Dennis Batters Haiti, Jamaica

Ten-foot waves crashed to shore and hundreds of islanders fled flooded homes for shelters Thursday as Hurricane Dennis lashed Caribbean coastlines with winds whipped up to 140 mph.

The first hurricane of the season claimed its first victims in Haiti where a bridge in the southwestern town of Grand Goave collapsed.

It threatened to intensify as it makes a beeline for Cuba and then landfall in the Gulf of Mexico projected Sunday or Monday, raising fears oil supplies will be disrupted by the fourth storm in as many weeks.

Dennis is a "dangerous hurricane" that looks to strengthen to near 130 mph within 12 hours, the U.S. National Hurricane Center in Miami warned. It should pass over central Cuba within 24 hours, it said.

Thunderstorms covered all the Dominican Republic, southern Haiti and northeast Jamaica. Cayman Islands and Cuba also were under hurricane warnings, including the U.S. detention camp holding some 520 terror suspects in Guantanamo Bay.

The southern Florida Keys went on hurricane warning Thursday afternoon and ordered tourists to flee, and the southern Florida peninsula was on tropical storm watch, expecting stormy conditions within 36 hours.

CBS News Correspondent Mark Strassmann reports that from Louisiana to Florida, residents are bracing for a possible hit, just days after being soaked by Cindy, which is still causing trouble all along the Eastern Seaboard. People are especially nervous in places like Pensacola, which is still rebuilding from Ivan's destruction last September.

In Haiti, wind gusts uprooted a palm tree and flung it into a mud hut, killing one person and injuring three in southern Les Cayes town, the Red Cross said. The collapsed of the bridge also killed an unknown number of people, said officials who spoke on condition of anonymity.

Rivers burst their banks in the dangerously deforested country.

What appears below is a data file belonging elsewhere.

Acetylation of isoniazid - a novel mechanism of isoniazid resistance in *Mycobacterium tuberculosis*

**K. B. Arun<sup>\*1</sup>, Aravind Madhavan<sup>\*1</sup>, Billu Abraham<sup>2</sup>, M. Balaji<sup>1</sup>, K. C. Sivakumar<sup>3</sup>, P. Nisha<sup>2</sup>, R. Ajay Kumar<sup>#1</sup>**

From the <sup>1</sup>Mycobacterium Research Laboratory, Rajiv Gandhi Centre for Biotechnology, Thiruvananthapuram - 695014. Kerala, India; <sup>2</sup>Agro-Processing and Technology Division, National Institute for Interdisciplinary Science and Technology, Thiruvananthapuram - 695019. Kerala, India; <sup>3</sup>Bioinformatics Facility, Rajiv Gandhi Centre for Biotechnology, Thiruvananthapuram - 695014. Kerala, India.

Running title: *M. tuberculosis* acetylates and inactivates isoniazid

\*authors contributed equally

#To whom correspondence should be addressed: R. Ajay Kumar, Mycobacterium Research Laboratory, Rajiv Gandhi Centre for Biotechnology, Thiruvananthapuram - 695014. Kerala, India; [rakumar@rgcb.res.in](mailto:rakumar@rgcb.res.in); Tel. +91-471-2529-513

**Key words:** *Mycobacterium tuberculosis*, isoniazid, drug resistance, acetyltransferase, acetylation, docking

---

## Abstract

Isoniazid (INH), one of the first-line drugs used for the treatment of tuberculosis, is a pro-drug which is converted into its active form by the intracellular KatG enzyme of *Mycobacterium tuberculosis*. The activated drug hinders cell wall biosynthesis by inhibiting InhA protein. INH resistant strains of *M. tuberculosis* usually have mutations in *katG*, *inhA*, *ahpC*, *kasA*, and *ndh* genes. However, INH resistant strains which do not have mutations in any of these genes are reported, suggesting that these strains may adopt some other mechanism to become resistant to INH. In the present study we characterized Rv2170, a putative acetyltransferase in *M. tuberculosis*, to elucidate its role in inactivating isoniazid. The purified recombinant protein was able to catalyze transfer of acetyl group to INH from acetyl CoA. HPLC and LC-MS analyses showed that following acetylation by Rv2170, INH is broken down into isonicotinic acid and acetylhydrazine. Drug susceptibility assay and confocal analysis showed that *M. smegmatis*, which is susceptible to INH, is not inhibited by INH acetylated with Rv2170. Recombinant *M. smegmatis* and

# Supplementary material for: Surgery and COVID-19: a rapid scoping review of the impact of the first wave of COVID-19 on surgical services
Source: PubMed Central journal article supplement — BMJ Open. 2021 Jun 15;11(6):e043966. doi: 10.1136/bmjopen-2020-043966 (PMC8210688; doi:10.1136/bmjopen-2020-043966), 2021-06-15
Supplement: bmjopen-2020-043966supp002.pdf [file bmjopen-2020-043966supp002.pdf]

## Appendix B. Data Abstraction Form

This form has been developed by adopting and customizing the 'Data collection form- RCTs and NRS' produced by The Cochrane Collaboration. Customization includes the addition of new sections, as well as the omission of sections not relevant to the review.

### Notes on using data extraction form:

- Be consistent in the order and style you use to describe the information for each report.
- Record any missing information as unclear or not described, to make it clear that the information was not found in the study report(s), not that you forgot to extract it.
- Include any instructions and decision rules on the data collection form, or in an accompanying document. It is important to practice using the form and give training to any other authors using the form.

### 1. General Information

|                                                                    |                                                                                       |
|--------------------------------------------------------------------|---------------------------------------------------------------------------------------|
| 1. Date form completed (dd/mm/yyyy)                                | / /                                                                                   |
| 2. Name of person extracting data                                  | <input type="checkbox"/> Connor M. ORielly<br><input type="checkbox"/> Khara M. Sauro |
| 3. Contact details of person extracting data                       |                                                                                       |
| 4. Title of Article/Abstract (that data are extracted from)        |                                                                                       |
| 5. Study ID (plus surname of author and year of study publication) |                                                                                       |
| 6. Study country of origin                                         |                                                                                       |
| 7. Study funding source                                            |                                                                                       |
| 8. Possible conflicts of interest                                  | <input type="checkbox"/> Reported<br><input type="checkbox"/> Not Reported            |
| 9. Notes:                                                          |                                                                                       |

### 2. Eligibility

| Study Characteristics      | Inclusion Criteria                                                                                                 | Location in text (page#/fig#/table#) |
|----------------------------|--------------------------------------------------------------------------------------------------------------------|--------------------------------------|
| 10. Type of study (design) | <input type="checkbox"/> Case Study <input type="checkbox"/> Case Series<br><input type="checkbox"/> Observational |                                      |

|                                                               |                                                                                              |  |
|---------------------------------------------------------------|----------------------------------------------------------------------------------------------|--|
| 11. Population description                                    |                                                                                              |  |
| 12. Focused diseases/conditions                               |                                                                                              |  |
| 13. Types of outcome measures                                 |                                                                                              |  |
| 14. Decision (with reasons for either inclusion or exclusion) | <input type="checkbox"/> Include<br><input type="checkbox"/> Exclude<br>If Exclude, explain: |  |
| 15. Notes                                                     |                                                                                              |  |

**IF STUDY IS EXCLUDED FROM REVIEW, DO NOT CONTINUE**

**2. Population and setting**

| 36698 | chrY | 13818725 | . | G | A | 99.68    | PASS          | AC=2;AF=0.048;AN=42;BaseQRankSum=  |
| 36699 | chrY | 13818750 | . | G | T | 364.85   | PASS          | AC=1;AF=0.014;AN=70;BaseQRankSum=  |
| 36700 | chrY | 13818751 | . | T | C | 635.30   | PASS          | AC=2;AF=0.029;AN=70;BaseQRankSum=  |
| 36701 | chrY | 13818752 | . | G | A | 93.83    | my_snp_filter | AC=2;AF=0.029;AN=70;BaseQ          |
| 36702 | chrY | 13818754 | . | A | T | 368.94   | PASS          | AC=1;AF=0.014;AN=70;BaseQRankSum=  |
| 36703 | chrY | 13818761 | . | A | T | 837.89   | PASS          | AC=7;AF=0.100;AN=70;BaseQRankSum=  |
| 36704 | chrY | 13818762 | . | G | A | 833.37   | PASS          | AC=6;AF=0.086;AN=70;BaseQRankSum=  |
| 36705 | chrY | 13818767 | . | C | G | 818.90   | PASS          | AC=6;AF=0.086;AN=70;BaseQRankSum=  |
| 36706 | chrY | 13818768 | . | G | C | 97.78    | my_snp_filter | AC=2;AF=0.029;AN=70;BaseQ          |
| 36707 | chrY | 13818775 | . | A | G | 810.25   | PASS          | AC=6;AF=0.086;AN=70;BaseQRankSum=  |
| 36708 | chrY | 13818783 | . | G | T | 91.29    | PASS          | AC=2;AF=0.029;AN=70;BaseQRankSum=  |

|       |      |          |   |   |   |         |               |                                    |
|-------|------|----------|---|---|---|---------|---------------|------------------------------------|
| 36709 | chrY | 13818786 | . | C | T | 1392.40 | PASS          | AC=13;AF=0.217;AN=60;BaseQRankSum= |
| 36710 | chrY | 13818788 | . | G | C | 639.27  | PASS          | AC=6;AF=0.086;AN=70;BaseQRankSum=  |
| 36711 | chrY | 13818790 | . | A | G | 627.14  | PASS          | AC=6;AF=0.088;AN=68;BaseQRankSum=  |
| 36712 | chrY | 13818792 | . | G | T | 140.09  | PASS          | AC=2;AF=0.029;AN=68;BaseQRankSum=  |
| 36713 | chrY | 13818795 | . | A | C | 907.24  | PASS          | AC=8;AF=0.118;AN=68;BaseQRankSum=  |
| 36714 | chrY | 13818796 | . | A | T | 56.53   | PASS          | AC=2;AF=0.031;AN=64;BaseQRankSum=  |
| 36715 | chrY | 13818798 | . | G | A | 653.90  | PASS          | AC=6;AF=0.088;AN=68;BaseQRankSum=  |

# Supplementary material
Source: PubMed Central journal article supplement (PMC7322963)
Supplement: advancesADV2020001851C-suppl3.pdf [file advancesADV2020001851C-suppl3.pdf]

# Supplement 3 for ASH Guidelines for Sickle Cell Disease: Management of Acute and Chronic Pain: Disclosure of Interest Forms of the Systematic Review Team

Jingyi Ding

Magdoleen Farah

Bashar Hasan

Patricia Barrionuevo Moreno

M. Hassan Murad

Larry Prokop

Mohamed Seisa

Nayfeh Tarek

In Jamaica, where a man narrowly escaped from a car swept away by fast-moving floodwaters Wednesday night, Prime Minister Percival Patterson urged people in low-lying areas to evacuate.

"Let us all work together in unity so that we will be spared the worst," he said in a national radio broadcast.

But only about 1,000 of the 2.6 million people were in shelters late afternoon, when local forecasters said the eye of the storm was passing 50 miles north of Port Antonio, on Jamaica's northeast coast.

Cuba began evacuating more than 2,500 tourists and workers from Cayo Largo del Sur, in the string of keys along the southeast, the National Information Agency reported. Livestock also was taken to higher ground.

Most tourists were taken to other hotels in Havana and Varadero beach resort in the north.

Thousands of students at government boarding schools in the southeast were being sent home.

There were no immediate plans to evacuate detainees or troops from the U.S. detention center's Camp Delta at Guantanamo Bay, on Cuba's extreme southeast end, Gen. Jay Hood said in an interview.

At the camp, about 150 yards from the ocean, troops put heavy steel shutters on sea-facing cell windows as heavy surf sent splashes of salt spray higher than the razor wire fence. Officials said Camp Delta was built to withstand winds up to 90 mph.

Dennis strengthened into a hurricane Wednesday and became a Category 3 storm Thursday afternoon — the third storm to threaten petroleum output in the Gulf of Mexico.